Nancy Gibbs, Janice Min Among Honorees at This Year’s Matrix Awards
46-year-old awards honor outstanding achievements by women in the communications field.
In its 46th year, the 2016 Matrix Awards presented by New York Women in Communications is a well-oiled machine powered by savvy, successful standouts. While the cobb salad served for lunch at this year’s event contained chicken, this year’s eight recipients are anything but.
Of the eight, two have earned their stripes in magazine media, Nancy Gibbs and Janice Min. Gibbs, the first female editor of Time magazine, who has written more cover stories than any writer in the brand’s history, accepted her award from fellow journalist Katie Couric. Couric called Gibbs “a cross between a poet and a pastor,” and said of her writing; “Finding the right word is like capturing light in a bottle. Nance does it again and again.”
During her moving acceptance speech, Gibbs said, “the future belongs to those who can incite and inspire.”
For the first time in the history of the awards, a second magazine maverick, Janice Min, was honored at the same event. (Usually one award each goes to women in magazines, broadcasting, PR, digital, advertising, books and marketing.) In her intro, Bonnie Hammer, chairman of NBCUniversal Cable Entertainment, called Min “the master of the magazine makeover.”
And she’s not kidding. After doubling Us Weekly’s circulation, Min moved her husband and two children to the West Coast in 2010 to resuscitate The Hollywood Reporter. She did such a good job turning the magazine and website into must-reads that she has since been promoted to co-president/chief creative officer of the Entertainment Group of Guggenheim Media. She now hopes to work the same magic on Billboard magazine just as she did for The Hollywood Reporter. Min, who since moving to LA has had a third child, currently oversees both publications.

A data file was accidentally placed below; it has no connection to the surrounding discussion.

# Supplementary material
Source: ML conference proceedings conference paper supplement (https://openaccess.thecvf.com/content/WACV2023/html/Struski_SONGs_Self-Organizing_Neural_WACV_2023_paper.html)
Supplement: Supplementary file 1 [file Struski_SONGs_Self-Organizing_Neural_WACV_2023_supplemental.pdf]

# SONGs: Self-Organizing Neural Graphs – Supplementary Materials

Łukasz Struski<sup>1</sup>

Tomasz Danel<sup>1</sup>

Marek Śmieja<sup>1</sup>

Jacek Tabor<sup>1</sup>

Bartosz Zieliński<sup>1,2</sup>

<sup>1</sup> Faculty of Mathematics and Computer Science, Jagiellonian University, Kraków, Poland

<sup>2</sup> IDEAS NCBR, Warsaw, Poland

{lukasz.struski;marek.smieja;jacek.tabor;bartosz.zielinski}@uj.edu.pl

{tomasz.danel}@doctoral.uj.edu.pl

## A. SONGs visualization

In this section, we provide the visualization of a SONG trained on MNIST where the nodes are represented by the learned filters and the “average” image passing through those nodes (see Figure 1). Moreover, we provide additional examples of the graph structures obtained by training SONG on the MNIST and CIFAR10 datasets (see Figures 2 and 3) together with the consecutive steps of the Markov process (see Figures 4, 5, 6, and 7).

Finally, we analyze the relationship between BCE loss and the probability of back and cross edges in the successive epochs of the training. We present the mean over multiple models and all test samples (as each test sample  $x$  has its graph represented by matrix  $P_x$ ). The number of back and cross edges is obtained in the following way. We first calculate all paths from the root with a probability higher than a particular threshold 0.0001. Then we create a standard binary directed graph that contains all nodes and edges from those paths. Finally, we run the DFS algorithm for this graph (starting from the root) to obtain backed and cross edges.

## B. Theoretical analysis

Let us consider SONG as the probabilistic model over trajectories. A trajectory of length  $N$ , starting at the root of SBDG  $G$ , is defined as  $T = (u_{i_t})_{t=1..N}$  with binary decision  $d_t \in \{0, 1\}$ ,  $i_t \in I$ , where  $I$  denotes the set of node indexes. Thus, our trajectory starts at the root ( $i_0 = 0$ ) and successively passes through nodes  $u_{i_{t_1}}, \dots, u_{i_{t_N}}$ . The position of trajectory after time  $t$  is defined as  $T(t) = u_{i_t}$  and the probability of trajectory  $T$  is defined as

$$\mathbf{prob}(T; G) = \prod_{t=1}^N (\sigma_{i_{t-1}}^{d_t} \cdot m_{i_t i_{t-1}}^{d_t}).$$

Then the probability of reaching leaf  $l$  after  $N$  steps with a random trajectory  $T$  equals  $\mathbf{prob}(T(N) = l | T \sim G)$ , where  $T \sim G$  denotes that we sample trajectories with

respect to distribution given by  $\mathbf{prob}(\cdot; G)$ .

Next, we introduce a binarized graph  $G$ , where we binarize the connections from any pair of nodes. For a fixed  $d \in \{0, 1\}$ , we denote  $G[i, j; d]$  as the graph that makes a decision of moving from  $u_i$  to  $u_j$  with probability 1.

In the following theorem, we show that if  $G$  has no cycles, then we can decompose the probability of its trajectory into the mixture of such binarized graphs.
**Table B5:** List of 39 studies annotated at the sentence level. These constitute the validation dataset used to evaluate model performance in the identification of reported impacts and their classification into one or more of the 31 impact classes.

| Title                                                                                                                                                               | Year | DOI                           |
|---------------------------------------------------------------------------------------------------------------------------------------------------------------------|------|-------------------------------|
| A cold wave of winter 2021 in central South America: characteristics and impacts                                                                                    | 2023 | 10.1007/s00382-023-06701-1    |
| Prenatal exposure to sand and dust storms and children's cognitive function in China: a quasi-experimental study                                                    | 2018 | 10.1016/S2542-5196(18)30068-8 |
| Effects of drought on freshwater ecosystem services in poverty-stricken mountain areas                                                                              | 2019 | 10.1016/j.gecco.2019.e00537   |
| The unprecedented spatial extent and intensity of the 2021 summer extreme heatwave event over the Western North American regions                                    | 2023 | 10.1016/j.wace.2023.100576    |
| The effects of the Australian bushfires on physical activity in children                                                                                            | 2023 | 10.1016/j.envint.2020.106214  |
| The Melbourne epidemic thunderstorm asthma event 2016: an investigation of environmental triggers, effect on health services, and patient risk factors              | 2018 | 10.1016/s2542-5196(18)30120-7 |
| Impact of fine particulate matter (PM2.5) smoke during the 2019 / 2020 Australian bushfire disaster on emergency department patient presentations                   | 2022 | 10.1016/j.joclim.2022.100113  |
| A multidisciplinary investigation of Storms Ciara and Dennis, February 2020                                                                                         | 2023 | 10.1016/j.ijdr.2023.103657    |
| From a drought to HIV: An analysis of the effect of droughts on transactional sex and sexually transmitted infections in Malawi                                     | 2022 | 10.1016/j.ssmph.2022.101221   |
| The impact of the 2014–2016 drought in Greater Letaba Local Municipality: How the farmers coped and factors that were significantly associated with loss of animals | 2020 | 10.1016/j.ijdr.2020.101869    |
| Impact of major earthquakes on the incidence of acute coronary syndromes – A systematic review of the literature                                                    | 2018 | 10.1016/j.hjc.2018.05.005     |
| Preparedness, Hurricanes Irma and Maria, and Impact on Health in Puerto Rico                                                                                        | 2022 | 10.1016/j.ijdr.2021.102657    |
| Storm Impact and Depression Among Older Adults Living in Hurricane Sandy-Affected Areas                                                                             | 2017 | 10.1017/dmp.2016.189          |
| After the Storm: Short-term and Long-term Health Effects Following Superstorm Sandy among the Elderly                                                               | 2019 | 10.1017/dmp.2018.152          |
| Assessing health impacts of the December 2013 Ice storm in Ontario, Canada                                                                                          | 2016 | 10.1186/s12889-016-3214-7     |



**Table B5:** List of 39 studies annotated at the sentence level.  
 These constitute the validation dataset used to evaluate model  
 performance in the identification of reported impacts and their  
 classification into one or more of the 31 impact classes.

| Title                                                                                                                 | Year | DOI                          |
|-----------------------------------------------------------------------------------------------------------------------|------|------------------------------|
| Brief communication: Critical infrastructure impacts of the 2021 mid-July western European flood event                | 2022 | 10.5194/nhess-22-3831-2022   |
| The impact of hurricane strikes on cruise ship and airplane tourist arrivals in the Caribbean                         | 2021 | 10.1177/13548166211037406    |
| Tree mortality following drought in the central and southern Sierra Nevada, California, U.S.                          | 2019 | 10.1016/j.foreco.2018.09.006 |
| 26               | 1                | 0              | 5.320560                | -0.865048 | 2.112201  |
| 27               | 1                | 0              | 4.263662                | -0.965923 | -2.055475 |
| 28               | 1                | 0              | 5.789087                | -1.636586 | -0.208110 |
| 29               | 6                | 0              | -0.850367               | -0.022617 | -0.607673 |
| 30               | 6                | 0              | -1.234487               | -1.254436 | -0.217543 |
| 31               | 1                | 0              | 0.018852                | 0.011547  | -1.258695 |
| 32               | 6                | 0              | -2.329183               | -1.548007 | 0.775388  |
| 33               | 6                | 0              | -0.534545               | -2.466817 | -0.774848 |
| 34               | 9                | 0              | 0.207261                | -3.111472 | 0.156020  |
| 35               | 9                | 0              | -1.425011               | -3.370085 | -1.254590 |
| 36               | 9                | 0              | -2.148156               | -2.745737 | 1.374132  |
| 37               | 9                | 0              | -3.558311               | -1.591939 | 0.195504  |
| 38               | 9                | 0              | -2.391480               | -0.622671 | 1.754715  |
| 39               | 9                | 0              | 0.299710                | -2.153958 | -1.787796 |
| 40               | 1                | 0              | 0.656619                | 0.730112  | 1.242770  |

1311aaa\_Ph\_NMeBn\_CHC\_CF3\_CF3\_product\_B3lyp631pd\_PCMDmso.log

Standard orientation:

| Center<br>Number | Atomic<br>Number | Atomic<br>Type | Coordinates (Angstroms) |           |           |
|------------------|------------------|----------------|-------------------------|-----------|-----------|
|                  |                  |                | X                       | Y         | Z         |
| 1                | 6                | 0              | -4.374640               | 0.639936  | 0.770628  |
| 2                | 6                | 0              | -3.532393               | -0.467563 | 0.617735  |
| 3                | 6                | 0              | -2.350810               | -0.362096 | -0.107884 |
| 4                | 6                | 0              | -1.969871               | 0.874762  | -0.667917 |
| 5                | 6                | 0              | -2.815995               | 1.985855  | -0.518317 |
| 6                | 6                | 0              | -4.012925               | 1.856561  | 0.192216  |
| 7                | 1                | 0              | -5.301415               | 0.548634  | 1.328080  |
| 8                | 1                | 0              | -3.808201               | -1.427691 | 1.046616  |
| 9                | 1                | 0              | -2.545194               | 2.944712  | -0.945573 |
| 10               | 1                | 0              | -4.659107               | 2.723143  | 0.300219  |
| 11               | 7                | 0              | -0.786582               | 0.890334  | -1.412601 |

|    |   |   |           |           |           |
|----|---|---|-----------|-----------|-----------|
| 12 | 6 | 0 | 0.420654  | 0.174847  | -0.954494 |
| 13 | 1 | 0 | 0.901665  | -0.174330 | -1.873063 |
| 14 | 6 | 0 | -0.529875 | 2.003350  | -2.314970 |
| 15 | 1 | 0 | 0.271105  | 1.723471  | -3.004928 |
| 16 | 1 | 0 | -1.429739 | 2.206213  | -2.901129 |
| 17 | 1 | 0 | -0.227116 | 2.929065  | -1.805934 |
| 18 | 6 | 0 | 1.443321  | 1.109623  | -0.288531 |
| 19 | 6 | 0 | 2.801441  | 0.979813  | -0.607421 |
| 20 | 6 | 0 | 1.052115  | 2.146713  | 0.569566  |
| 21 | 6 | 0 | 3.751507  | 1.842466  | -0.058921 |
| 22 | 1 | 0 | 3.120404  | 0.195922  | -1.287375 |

Min told of an epiphany she had in the second grade that she wasn’t like the other girls in her class. “Most successful people have a quirk that makes them act differently,” she said, encouraging the 22 recipients of scholarships from the New York Women In Communications Foundation who were on hand for the event to embrace their awkwardness and trust their instincts.
The last recipient of the day kept attendees in their seats past their lunch hours. Actress/writer Lena Dunham was honored along with GE’s chief marketing officer Linda Boff; A&E president and CEO Nancy Dubuc; president of the L’Oréal Luxe Division Carol Hamilton; president of Ariel Investments Mellody Hobson and Kaplow Communications founder Liz Kaplow. In addition to her success with “Girls,” which just wrapped it’s next-to-last season, Dunham co-founded the newsletter Lenny, and has since partnered with Hearst for distribution and monetization. Presenter Gloria Steinem called her “our Orson Welles,” and “a living bridge between old and new media.” Dunham admitted that she hadn’t prepared a speech, but proceeded to speak extemporaneously on how women need to mentor and be mentored. As emcee Andy Cohen said when he closed the show, “That’s what it’s like to see Lena Dunham wing it. Pretty good.”